Napa Valley: The Lay of the Land
The Napa Valley is located an hour northeast of San Francisco. Calistoga, the northernmost town in the valley, is about 75 miles from the city. Immediately to the west of Napa Valley is the Sonoma Valley (part of Sonoma county and also a major wine producing area). To the north is the " Lake Country " which is in Lake County and includes Clear Lake, the largest natural lake in California, and possibly the oldest lake in North America. To the east is Sacramento and the San Joaquin Valley.
The valley is bordered on the east by the Vaca Mountains and on the west by the Mayacamas range which extends north and west into Sonoma, Lake, and Mendocino Counties . The name "Mayacamas " is reportedly derived from either the Yuki, a Native American tribe which lived on the western slopes of the mountains or is the name of a Yukian Wappo village, Maiya'kma, which was most likely located one mile south of Calistoga. The Vaca Mountains are dryer and more arid that the Mayacamas Mountains because the Mayacamas draw the rain out of the winter storms before they make it to the eastern side of the valley. As a result, the vegetation in the two mountain ranges is different. Conifers with ferns at the higher, wetter elevations charactorize the Mayacamas Range whereas in the drier Vaca Mountains, Oak trees and grasses predominate.
The southern end of the valley is cooler during the summer growing season due to its proximity to San Pablo Bay . The northern end, farther from the ocean and encircled on three sides by mountains, is often warmer by an average of 10 degrees. The valley floor also rises slightly from sea level at the southern end, to 362 feet in Calistoga, at its northern end. The soil in the southern part of the valley is mainly sedimentary clay and sand laid down by expansions and contractions of San Pablo Bay over the eons, while the soils at the northern end of the valley are largely ash and lava left by ancient volcanic eruptions.
There are several hills prominent in the middle of the valley just north of Yountville. These are the remnants of volcanic eruptions that occurred about two million years ago (more or less). These eruptions left a series of ash and lava deposits called the Sonoma Volcanics over much of Sonoma and Napa Counties, especially in the Mayacamas Range .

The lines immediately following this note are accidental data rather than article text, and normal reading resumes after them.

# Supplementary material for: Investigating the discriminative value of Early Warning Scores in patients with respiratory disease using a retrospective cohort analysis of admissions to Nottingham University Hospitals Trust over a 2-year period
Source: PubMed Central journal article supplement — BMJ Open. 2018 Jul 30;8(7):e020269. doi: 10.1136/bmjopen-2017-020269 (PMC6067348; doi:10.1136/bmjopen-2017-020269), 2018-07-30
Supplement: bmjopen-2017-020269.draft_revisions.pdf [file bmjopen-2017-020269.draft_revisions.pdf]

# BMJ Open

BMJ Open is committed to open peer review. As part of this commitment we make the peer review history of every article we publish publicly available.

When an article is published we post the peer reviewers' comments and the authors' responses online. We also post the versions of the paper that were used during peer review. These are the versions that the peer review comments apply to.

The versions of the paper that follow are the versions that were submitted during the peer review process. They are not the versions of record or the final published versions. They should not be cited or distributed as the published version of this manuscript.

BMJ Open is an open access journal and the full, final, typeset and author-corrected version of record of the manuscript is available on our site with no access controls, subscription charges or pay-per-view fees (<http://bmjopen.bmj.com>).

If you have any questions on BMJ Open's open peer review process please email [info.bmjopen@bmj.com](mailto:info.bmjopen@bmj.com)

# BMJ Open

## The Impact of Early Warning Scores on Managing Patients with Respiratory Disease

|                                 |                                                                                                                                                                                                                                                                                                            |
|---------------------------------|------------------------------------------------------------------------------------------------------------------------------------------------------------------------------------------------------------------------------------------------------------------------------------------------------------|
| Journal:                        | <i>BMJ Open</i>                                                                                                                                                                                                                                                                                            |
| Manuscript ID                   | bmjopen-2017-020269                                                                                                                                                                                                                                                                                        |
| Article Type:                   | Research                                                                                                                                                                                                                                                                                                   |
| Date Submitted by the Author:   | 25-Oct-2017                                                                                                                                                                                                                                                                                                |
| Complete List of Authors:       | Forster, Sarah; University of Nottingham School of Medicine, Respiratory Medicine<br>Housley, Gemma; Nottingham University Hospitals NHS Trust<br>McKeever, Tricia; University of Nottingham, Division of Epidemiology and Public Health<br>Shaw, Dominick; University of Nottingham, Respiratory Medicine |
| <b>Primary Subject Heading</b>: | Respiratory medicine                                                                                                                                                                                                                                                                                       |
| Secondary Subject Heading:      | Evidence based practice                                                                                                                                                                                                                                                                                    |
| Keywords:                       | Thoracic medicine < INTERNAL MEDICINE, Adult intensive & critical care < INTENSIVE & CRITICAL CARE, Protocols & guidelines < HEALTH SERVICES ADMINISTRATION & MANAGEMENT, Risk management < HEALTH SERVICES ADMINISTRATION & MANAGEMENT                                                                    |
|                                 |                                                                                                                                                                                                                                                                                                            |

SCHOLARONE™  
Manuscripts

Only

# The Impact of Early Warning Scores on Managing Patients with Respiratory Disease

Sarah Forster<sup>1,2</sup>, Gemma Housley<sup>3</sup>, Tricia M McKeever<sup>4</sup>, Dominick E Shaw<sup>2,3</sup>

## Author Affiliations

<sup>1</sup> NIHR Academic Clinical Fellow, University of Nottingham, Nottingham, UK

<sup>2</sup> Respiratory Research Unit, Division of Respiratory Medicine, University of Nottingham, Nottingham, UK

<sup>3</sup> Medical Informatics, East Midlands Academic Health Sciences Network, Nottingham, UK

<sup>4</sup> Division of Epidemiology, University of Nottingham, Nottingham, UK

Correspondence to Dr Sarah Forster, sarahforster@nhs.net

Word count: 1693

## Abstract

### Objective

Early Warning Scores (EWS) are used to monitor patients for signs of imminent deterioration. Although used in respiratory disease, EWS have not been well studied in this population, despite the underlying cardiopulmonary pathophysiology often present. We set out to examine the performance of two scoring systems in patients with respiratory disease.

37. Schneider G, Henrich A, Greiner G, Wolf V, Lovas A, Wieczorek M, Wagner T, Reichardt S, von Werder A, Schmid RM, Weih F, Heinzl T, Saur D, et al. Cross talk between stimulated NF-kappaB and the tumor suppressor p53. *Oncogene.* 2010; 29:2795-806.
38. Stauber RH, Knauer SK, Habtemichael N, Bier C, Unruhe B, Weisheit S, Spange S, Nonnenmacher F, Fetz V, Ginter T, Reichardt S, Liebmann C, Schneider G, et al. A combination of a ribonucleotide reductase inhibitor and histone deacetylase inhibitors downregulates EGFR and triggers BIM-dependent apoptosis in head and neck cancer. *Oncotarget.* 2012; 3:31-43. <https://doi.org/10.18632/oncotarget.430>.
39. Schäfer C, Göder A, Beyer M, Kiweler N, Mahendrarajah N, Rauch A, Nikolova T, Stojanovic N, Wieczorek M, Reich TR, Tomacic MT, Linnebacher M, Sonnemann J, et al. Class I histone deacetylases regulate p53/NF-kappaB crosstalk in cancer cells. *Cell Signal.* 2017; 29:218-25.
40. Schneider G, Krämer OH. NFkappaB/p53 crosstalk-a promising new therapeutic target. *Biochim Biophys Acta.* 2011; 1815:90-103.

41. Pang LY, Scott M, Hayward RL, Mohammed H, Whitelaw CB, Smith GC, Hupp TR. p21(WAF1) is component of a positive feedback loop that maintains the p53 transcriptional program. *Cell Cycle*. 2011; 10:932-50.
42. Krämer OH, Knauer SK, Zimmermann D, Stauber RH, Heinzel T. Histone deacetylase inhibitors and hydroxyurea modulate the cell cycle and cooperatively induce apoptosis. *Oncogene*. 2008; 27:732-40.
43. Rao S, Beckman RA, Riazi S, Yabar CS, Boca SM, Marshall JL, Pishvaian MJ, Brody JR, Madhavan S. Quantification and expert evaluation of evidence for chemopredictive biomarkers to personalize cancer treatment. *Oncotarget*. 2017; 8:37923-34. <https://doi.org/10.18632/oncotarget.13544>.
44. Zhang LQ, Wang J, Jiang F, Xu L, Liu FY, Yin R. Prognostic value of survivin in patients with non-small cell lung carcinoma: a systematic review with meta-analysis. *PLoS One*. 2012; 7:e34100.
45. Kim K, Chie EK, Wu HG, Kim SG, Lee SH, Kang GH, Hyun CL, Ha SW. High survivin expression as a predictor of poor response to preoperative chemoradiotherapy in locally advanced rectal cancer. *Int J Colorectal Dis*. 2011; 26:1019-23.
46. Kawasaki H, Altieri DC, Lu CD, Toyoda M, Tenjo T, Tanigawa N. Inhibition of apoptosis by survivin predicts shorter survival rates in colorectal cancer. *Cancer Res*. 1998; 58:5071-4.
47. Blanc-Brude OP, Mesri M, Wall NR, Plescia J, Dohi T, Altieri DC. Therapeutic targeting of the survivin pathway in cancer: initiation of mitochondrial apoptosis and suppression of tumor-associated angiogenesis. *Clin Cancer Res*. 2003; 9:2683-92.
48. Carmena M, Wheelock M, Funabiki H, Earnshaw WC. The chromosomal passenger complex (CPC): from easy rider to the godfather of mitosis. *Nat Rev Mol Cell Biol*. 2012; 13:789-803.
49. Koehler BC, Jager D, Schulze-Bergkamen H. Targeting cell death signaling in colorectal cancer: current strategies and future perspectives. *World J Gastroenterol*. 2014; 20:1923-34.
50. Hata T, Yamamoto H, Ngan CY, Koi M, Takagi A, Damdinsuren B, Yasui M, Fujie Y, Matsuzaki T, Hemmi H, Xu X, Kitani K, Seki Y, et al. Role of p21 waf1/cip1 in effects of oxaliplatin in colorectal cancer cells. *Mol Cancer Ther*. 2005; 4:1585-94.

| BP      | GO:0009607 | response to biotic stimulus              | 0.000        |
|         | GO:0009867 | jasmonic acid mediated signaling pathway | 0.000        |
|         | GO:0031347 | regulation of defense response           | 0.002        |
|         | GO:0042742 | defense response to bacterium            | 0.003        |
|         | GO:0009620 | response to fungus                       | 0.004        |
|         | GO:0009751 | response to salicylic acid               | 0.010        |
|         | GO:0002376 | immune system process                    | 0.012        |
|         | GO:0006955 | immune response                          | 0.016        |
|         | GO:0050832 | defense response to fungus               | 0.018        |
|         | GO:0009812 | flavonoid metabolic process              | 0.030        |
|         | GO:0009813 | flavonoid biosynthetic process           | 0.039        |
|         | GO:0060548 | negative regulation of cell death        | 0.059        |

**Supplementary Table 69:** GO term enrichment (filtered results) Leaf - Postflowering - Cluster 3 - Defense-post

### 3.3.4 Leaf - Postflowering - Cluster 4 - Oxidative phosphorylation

North of St. Helena the valley narrows rapidly, the sides grow steeper and the valley floor becomes more rugged. The soils are coarser in this part of the valley and rocky in so many places that grape growers refer to their vineyards as "horizontal hillsides."
At the northern end of Napa Valley is Mount St. Helena (which is technically in Sonoma County), the Bay Area's highest peak at 4,343 feet. Known to Native Americans as kana'mota or "human mountain," it is one of the premier hiking destinations in the San Francisco Bay area. On a clear day from the summit one can see the skyscrapers in San Francisco and the snow-covered Sierra Nevada Mountains 150 miles to the east. It is said that on the best of days you can see Mt. Lassen and Mt. Shasta, the latter 192 miles to the north. The highest point in Napa County itself is Sugarloaf Mountain, northeast of Calistoga, at 2,988 feet. All these mountains are tall enough to be covered with snow in winter.
Calistoga, at the foot of Mount St. Helena, has numerous geothermal vents and hot springs. To the northwest of the town, is an area of geyser activity known, not surprisingly, as "The Geysers." They are currently used as a source of thermal energy. The hot springs and geothermal vents located throughout the valley is evidence, not only of the valley's volcanic past but indicates there is residual volcanic activity.
Another important feature of the valley that emerges from the foot of Mt. St. Helena is the Napa River, a 40-mile long river that bisects (and drains) the entire valley. The Napa River, is one of only four navigable rivers in California and one of the last three surviving free-flowing rivers. It is also one of the largest Central Coast Range Rivers with 47 tributaries that total 250 miles of streams.